• My understanding was that you couldn't represent the identity permutation using the empty string, so I amended my answer to keep all the 1-cycles (also conveniently saving 6 bytes).
– Neil
Jul 4, 2016 at 8:28
• I have edited my question to be more clear, I would like the "one cycles" to be elided as you have done in the second part of your answer. Well done by the way. Jul 4, 2016 at 15:25

# J, 53 bytes

[:(<@((>:@|.~]i.<./)&.>@#~1<#@>)@C.@#~1=C.!.2)!A.&i.]


The cycles in each permutation are represented as boxed arrays since J will zero-pad ragged arrays.

If the output is relaxed, using 41 bytes

[:((1+]|.~]i.<./)&.>@C.@#~1=C.!.2)!A.&i.]


where each permutation may contain one-cycles and zero-cycles.

## Usage

   f =: [:(<@((>:@|.~]i.<./)&.>@#~1<#@>)@C.@#~1=C.!.2)!A.&i.]
f 3
┌┬───────┬───────┐
││┌─────┐│┌─────┐│
│││1 2 3│││1 3 2││
││└─────┘│└─────┘│
└┴───────┴───────┘
f 4
┌┬───────┬───────┬─────────┬───────┬───────┬───────┬───────┬─────────┬───────┬───────┬─────────┐
││┌─────┐│┌─────┐│┌───┬───┐│┌─────┐│┌─────┐│┌─────┐│┌─────┐│┌───┬───┐│┌─────┐│┌─────┐│┌───┬───┐│
│││2 3 4│││2 4 3│││1 2│3 4│││1 2 3│││1 2 4│││1 3 2│││1 3 4│││1 3│2 4│││1 4 2│││1 4 3│││2 3│1 4││
││└─────┘│└─────┘│└───┴───┘│└─────┘│└─────┘│└─────┘│└─────┘│└───┴───┘│└─────┘│└─────┘│└───┴───┘│
└┴───────┴───────┴─────────┴───────┴───────┴───────┴───────┴─────────┴───────┴───────┴─────────┘


For the alternative implemenation,

   f =: [:((1+]|.~]i.<./)&.>@C.@#~1=C.!.2)!A.&i.]
f 3
┌─────┬─┬─┐
│1    │2│3│
├─────┼─┼─┤
│1 2 3│ │ │
├─────┼─┼─┤
│1 3 2│ │ │
└─────┴─┴─┘

• This is actually beautiful... well done. Jul 3, 2016 at 7:56

# Jelly, 34 28 bytes

L€’SḂ
ṙLR$Ṃµ€Ṣ Œ!ŒṖ€;/Ç€ÑÐḟQ  ## Explanation Each line in a Jelly program defines a function; the bottom one is “main”. • The first line defines a function that tests whether a cycle product is odd. L€ Length of each ’ Add 1 to each length S Take the sum Ḃ Modulo 2  • The second line normalizes a partition of a permutation of [1…n] into a cycle product as follows:  µ€ For each list X in the partition: ṙLR$          Rotate X by each element in [1…length(X)].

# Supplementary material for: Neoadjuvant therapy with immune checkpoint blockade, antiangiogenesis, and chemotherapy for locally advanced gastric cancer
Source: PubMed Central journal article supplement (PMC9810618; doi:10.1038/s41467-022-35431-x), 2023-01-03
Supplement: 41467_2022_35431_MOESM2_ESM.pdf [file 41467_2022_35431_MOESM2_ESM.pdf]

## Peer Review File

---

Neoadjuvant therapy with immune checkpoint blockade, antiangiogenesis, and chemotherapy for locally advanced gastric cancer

Ṃ         Get the lexicographically smallest element.
Thus, find the rotation so that the smallest element is in front.
Ṣ   Sort the cycles in the partition.


This will turn e.g. (4 3)(2 5 1) into (1 2 5)(3 4).

Here is the main program. It takes an argument n from the command line, and:

Œ!              Compute all permutations of [1…n].
ŒṖ€           Compute all partitions of each permutation.
;/         Put them in one big list.
Ç€       Normalize each of them into a cycle product.
ÑÐḟ    Reject elements satisfying the top function,
i.e. keep only even cycle products.
Q   Remove duplicates.

• I tried running it with 5 as an input, and got no output at all. Is this script for just Groups A3 and A4 or can it potentially give any group? I have never even seen Jelly before so any explanation would be helpful. Jul 3, 2016 at 18:21
• No I only put 3 and 4 in the challange so, so far you are winning but I really just want to learn more. Jul 3, 2016 at 18:30
• Jelly actually has a built-in for partitions, which I forgot about! Thankfully, a friend reminded me. So now it’s more efficient (handles n=5, yay!) and shorter.
– Lynn
Jul 3, 2016 at 20:54
• OP has edited the question to clarify that 1-cycles must be elided. Jul 4, 2016 at 22:17

## JavaScript (Firefox 30-57), 220218212 211 bytes

f=(a,p)=>a?[for(i of a)for(j of f(a.filter(m=>m!=i),p,p^=1))[i,...j]]:[[a[p],a[p^1]]]


Sadly 88 bytes only suffices to generate the alternating group as a list of permutations of a, so it then costs me an additional 132 130 124 123 bytes to convert the output to the desired format:

n=>f([...Array(n).keys()],0).map(a=>a.map((e,i)=>{if(e>i){for(s+='('+-~i;e>i;[a[e],e]=[,a[e]])s+=','+-~e;s+=')'}},s='')&&s)


I've managed to trim my ES6 version down to 222 216 215 bytes:

n=>(g=(a,p,t=[])=>a?a.map(e=>g(a.filter(m=>m!=e),p,[...t,e],p^=1)):[...t,a[p],a[p^1]].map((e,i,a)=>{if(e>i){for(s+='('+-~i;e>i;[a[e],e]=[,a[e]])s+=','+-~e;s+=')'}},s='')&&r.push(s))([...Array(n).keys(r=[])],0)&&r

• I don't mind if the format is not in perfect cyclic notation as long as: each permutation and its cycles are shown separate ( like [1 2 3][4 5] and <<123><45>> would both be acceptable) and cycles of one length are elided. Perhaps this can shorten your answer Jul 4, 2016 at 15:33
• @Harry I'd never show (1,2,3)(4,5) - that's an odd permutation! Currently I'd show e.g. (1,2,3)(4)(5) - not only does removing cycles of length one cost me 6 bytes I then end up with an empty result for the identity cycle which would cost me another 4 bytes to fix.
– Neil
Jul 4, 2016 at 16:38
• If you mean nothing is printed for the identity then I will accept that as I said as for the identity outputs of nothing ... are accepatble. And also what would be shown if you output your "raw data", does it come in the form (1,2,3)(4)(5) or as something else? Jul 4, 2016 at 16:43
• @Harry Now excluding cycles of length one, including a blank entry for the identity, and still managing to save a byte!
– Neil
Jul 4, 2016 at 20:05
• @Harry Raw data would be [1, 2, 0, 3, 4] for that particular example, so nowhere near what you want.
– Neil
Jul 4, 2016 at 20:07

# GAP, 32 bytes

Thanks to @ChristianSievers for cutting the count in half.

f:=n->List(AlternatingGroup(n));


Usage at the prompt:

gap> f(4);
[ (), (1,3,2), (1,2,3), (1,4,3), (2,4,3), (1,3)(2,4), (1,2,4), (1,4)(2,3), (2,3,4), (1,3,4), (1,2)(3,4), (1,4,2) ]

• Very nice formatting, I think GAP was a very good choice for answering this problem. Jul 4, 2016 at 14:57
• Your answer doesn't show where one permutation ends and the next starts. Assuming the function doesn't need to print the values as a side effect, but may just return the values as a list to be printed by the interpreter, I'd do f:=n->List(AlternatingGroup(n)); Jul 23, 2016 at 12:26